EyeWitness App Will allow Smartphones Report War Crimes

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In dangerous places around the world where soldiers or police officers may be committing human rights abuses, a mobile phone has become a key weapon in the hands of campaigners and victims of abuse, it can provide valuable video evidence of crimes. The trouble is that most of the clips are doctored or fake and even when the videos are genuine they are often not admissible as evidence because their authenticity cannot be verified to the satisfaction of a court.

A new app has been introduced called EyeWitness App that will clear authenticity questions raised in courts, the app is currently on the Google Play store and is the result of collaboration between the International Bar Association and the legal services division of the information firm LexisNexis. The project is currently managed by Wendy Betts.

EyeWitness App is designed to record photos, videos and audio recordings in a simple and secure way. It looks like any photography app, but when you open it up, it has a secure mode which means that if your phone is examined by a security official they will not see any of the material you have recorded.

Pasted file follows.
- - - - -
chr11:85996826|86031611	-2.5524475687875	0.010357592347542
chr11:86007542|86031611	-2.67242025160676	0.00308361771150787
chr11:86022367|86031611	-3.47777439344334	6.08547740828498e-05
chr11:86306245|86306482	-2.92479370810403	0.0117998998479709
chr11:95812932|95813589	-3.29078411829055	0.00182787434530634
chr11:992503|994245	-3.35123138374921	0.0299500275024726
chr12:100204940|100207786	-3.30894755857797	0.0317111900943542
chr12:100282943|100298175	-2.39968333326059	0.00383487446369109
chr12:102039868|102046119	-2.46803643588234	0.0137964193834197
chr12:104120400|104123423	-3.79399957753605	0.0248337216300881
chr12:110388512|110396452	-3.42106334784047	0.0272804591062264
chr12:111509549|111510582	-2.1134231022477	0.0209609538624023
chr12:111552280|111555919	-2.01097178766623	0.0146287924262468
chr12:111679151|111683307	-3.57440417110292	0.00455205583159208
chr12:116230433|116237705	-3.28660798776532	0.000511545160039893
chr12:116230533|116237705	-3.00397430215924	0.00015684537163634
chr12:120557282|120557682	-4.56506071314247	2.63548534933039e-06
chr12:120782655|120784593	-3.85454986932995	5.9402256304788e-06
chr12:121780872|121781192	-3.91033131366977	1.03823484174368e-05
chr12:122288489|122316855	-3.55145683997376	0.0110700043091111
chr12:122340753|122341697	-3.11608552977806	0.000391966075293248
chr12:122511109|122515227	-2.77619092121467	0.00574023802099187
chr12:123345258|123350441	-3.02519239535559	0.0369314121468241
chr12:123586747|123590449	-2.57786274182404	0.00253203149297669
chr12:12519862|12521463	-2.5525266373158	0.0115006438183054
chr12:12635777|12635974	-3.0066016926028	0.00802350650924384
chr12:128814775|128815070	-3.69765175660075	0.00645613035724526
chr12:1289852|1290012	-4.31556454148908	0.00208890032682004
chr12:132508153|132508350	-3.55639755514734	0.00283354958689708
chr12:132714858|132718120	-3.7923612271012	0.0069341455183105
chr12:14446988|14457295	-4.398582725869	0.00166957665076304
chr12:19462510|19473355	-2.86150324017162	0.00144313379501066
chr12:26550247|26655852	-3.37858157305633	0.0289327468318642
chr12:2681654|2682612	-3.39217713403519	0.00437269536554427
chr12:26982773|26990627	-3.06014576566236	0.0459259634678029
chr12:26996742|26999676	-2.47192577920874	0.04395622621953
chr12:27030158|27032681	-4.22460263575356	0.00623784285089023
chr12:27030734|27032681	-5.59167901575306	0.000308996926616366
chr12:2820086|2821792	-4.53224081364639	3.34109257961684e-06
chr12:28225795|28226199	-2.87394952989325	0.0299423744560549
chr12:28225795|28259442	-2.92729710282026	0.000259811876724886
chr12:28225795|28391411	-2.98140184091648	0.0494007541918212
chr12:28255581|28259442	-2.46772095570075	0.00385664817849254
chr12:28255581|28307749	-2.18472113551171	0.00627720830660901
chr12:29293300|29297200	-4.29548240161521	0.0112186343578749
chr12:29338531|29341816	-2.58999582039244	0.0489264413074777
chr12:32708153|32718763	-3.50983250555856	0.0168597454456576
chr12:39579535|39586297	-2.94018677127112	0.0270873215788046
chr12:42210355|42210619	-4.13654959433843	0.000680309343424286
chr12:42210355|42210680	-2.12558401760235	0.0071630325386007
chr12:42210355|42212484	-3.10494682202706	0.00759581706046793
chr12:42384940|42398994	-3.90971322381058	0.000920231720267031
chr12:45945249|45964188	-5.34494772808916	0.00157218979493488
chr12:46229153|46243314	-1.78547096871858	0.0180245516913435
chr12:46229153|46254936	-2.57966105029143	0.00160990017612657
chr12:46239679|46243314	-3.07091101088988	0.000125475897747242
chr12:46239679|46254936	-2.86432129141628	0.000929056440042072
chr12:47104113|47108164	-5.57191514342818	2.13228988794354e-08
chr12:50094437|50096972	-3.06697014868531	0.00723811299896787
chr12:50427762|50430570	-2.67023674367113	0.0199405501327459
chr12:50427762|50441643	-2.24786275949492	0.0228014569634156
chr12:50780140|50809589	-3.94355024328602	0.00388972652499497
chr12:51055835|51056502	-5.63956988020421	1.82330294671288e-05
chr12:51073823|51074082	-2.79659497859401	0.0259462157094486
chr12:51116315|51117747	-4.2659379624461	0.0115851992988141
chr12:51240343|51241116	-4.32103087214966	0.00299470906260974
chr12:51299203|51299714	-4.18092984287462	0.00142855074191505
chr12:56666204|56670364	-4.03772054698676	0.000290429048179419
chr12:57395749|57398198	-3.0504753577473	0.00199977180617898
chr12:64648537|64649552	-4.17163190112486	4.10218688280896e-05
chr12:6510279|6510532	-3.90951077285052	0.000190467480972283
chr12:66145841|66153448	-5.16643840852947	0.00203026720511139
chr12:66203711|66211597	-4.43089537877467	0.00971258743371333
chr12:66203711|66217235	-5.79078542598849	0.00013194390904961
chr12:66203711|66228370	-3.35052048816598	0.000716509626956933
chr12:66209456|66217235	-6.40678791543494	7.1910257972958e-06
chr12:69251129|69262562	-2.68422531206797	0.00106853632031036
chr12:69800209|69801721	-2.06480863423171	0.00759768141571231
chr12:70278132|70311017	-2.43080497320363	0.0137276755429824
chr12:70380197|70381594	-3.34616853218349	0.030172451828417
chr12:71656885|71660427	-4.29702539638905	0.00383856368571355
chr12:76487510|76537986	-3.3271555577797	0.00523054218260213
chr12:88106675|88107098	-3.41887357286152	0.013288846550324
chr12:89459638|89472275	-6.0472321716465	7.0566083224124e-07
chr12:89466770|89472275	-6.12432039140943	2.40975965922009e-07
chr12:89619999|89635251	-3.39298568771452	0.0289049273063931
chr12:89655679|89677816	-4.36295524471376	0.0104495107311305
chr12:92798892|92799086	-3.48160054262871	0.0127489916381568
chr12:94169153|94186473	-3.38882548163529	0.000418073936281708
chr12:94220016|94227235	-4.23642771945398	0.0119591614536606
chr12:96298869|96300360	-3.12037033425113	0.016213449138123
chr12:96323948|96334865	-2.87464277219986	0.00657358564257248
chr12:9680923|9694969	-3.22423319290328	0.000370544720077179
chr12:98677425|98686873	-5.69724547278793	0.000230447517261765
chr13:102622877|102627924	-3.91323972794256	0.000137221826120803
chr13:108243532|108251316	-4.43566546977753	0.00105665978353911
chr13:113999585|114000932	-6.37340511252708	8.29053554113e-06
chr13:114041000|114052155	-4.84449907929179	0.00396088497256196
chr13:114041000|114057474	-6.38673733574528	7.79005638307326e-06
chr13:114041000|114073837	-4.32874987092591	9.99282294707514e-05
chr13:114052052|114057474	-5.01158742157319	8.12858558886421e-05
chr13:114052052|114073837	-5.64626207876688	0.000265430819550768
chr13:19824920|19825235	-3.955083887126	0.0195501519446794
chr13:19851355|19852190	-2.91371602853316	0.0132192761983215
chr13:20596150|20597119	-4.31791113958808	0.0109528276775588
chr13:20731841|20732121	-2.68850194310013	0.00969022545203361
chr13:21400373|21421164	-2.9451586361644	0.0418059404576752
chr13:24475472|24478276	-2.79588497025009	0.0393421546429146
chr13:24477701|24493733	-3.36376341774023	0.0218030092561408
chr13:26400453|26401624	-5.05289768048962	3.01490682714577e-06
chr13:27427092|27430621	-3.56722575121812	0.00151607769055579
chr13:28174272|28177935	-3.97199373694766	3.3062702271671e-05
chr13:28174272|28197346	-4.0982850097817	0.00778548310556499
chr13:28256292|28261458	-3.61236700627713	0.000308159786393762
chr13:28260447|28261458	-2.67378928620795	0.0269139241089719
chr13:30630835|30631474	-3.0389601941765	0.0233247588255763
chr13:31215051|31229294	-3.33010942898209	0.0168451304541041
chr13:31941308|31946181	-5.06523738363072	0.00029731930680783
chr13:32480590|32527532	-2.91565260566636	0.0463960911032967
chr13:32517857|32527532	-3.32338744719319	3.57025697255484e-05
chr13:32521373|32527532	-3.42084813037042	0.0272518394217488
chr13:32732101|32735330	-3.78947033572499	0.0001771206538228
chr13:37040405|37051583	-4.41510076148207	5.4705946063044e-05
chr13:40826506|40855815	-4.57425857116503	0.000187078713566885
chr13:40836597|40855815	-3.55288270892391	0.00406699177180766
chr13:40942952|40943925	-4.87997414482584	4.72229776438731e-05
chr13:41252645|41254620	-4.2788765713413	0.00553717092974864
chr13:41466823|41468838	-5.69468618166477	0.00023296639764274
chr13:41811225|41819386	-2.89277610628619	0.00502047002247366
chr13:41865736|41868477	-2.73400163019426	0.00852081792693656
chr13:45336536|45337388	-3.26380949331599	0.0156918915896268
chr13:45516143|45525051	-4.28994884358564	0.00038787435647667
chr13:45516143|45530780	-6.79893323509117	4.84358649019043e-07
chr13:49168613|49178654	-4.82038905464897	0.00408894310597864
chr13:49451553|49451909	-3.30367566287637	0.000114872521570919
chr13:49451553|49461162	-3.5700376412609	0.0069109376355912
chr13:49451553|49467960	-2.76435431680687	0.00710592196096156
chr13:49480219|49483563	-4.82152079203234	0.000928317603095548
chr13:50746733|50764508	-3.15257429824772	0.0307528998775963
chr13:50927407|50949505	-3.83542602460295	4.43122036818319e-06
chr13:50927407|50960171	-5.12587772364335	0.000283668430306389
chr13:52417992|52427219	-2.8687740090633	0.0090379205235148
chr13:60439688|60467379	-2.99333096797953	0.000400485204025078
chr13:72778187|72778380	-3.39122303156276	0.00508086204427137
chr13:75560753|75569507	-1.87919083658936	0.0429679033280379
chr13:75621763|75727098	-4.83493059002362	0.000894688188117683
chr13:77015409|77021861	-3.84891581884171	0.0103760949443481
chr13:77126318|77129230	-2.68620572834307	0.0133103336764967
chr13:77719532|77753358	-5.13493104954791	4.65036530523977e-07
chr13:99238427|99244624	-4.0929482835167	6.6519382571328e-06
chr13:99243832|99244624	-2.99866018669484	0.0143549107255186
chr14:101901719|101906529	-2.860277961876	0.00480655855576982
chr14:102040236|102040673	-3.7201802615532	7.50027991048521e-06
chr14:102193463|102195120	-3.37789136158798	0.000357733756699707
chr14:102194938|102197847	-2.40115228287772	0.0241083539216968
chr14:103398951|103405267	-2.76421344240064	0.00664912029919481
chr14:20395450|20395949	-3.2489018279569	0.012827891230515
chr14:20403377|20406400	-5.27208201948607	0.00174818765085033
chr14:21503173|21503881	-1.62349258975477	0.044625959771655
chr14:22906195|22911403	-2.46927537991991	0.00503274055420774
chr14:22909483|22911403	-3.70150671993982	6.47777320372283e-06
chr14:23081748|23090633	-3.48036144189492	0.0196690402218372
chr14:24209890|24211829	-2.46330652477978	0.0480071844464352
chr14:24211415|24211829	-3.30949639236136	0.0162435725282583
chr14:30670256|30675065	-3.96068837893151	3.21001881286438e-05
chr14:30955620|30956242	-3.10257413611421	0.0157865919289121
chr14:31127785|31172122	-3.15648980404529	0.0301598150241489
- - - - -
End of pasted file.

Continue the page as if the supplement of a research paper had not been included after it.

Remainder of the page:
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The EyeWitness app stamps recordings with GPS coordinates, the time and location and other data which will show exactly where it was recorded and whether it has been edited then, when the user is in a safe location, they can upload their material to a secure database owned by the EyeWitness App project. Legal experts can then examine it and decide whether it is suitable for use in courts as reported by BBC NEWS.

It is designed specifically for war zones and places where human rights abuses are common. In the US, a number of videos have emerged in recent months of police officers shooting suspects and some have led to arrests but if they had been filmed through this app that might have reinforced the case against the officers involved. Wendy provides that it will not deal with such cases but cooperate with requests for information from its database as long as it is clear it has the permission of those who uploaded the material.

The app will only be available for Android phones because that is what just about everyone has in countries where it is designed to be used. My opinion is that if the app is introduced in Kenya most traffic officers will be in great trouble because they will be caught taking bribes which is a good thing for Kenyans. The use of cameras has been adopted by Kenyans to curb terrorism, CCTV Cameras have been installed along the 800Km long Kenya Somali border to be used to monitor terrorists.

What is your opinion on the topic?
Erick Vateta
Tech Editor at Kachwanya.com
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Erick Vateta is a lawyer by training, poet, script and creative writer by talent, a model, and tech enthusiast. He covers International tech trends, data security and cyber attacks.
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